The GenoChip: a new tool for genetic anthropology. S. Wells1, E. Greenspan2, S. Staats2, T. Krahn2, C. Tyler-Smith3, Y. Xue3, S. Tofanelli4, P. Francalacci5, F. Cucca6, L. Pagani7, L. Jin8, H. Li8, T. G. Schurr9, J. B. Gaieski9, C. Melendez9, M. G. Vilar9, A. C. Owings9, R. Gomez10, R. Fujita11, F. Santos12, D. Comas13, O. Balanovsky14, E. Balanovska14, P. Zalloua15, H. Soodyall16, R. Pitchappan17, G. Arun Kumar17, M. F. Hammer18, B. Greenspan2, E. Elhaik19 1) Mission Programs, National Geographic Society, Washington, DC; 2) Family Tree DNA, Houston, TX; 3) Wellcome Trust Sanger Institute, Hinxton, UK; 4) University of Pisa, Italy; 5) University of Sassari, Italy; 6) National Research Council, Monserrato, Italy; 7) University of Cambridge, UK; 8) Fudan University, Shanghai, China; 9) University of Pennsylvania, Philadelphia, PA; 10) CINVESTAV, Mexico City, Mexico; 11) University of San Martin de Porres, Lima, Peru; 12) Federal University of Minas Gerais (UFMG), Belo Horizonte, Brazil; 13) Pompeu Fabra University, Barcelona, Spain; 14) Russian Academy of Medical Sciences, Moscow, Russia; 15) Lebanese American University, Byblos, Lebanon; 16) University of the Witwatersrand, Johannesburg, South Africa; 17) Chettinad Academy of Research and Education, Chennai, India; 18) University of Arizona, Tucson, AZ; 19) Johns Hopkins University, Baltimore, MD.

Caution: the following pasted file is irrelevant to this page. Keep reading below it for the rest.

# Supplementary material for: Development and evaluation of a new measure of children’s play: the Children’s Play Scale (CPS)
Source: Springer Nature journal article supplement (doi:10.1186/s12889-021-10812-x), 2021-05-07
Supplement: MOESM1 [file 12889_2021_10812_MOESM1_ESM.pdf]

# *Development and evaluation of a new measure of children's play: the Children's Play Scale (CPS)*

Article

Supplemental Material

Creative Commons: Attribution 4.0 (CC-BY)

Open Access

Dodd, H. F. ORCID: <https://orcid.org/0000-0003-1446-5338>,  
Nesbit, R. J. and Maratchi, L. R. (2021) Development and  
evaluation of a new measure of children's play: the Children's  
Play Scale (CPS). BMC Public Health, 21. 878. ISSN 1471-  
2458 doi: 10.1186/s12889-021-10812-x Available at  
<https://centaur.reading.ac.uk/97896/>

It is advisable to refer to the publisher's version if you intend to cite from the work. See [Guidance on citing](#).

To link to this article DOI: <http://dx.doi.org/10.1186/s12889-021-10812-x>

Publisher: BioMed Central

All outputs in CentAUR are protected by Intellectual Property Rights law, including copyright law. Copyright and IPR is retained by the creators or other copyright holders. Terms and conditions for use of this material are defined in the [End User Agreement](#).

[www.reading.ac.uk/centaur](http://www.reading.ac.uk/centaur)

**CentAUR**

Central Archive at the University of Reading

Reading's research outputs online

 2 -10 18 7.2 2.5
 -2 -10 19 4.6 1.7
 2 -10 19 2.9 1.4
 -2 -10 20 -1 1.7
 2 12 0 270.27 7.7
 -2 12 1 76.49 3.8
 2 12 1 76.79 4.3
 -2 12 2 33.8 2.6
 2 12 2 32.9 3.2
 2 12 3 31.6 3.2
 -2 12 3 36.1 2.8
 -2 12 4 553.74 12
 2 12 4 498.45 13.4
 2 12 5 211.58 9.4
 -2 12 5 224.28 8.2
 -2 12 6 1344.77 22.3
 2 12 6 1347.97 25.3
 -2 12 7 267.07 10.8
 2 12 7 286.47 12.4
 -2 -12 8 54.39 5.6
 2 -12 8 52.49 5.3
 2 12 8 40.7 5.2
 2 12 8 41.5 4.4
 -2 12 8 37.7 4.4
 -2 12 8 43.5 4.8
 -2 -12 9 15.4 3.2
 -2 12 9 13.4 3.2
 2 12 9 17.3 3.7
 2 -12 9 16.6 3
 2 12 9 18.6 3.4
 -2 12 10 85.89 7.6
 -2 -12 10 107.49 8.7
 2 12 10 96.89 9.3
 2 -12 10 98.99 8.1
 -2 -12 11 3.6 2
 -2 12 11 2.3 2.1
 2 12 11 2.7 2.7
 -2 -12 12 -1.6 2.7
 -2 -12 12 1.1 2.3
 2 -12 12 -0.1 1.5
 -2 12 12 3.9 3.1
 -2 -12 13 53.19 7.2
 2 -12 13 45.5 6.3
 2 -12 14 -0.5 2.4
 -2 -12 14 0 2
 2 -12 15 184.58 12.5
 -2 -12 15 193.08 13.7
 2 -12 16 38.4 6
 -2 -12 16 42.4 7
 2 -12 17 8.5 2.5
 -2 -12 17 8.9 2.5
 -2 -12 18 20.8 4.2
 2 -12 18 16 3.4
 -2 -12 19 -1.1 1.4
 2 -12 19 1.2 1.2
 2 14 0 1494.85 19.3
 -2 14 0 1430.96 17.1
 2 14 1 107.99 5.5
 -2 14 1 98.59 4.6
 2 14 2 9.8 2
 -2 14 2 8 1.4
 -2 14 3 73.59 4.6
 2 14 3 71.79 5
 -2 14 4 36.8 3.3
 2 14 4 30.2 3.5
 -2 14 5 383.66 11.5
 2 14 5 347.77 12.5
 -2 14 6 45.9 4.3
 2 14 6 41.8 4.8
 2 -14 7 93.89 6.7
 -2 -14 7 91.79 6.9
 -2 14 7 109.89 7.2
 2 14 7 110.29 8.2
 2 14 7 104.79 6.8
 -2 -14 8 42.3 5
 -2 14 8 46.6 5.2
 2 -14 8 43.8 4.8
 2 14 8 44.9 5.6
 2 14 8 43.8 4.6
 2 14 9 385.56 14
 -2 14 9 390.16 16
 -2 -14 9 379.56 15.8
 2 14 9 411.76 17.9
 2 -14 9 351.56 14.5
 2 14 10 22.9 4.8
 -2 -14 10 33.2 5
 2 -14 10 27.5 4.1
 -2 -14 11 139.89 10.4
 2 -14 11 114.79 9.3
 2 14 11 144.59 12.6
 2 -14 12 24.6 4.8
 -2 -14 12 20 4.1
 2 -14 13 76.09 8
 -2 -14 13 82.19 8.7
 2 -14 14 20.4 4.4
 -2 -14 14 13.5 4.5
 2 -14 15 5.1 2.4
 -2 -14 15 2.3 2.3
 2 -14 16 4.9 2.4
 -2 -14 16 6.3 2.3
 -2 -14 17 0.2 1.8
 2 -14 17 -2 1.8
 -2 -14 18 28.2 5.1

Background: The Genographic Project is an international effort aimed at charting human history using genetic data. The project is non-profit and non-medical, and through the sale of its public participation kits it supports cultural preservation efforts in indigenous and traditional communities. To extend our knowledge of the human journey, interbreeding with ancient hominins, and modern human demographic history, we designed a genotyping chip optimized for genetic anthropology research. Methods: Our goal was to design, produce, and validate a SNP array dedicated to genetic anthropology. The GenoChip is an Illumina HD iSelect genotyping bead array with over 130,000 highly informative autosomal and X-chromosomal SNPs ascertained from over 450 worldwide populations, ~13,000 Y-chromosomal SNPs, and ~3,000 mtDNA SNPs. To determine the extent of gene flow from archaic hominins to modern humans, we included over 25,000 SNPs from candidate regions of interbreeding between extinct hominins (Neanderthal and Denisovan) and modern humans. To avoid any inadvertent medical testing we filtered out all SNPs that have known or suspected health or functional associations. We validated the chip by genotyping over 1,000 samples from 1000 Genomes, Family Tree DNA, and Genographic Project populations. Results: The concordance between the GenoChip and the 1000 Genomes data was over 99.5%. The GenoChip has a SNP density of approximately (1/100,000) bases over 92% of the human genome and is highly compatible with Illumina and Affymetrix commercial platforms. The ~10,000 novel Y SNPs included on the chip have greatly refined our understanding of the Y-chromosome phylogenetic tree. By including Y and mtDNA SNPs on an unprecedented scale, the GenoChip is able to delineate extremely detailed human migratory paths. The autosomal and X-chromosomal markers included on the GenoChip have revealed novel patterns of ancestry that shed a detailed new light on human history. Interbreeding analysis with extinct hominids confirmed some previous reports and allowed us to describe the modern geographical distribution of these markers in detail. Conclusions: The GenoChip is the first genotyping chip completely dedicated to genetic anthropology with no known medically relevant markers. We anticipate that the large-scale application of the GenoChip using the Genographic Projects diverse sample collection will provide new insights into genetic anthropology and human history.

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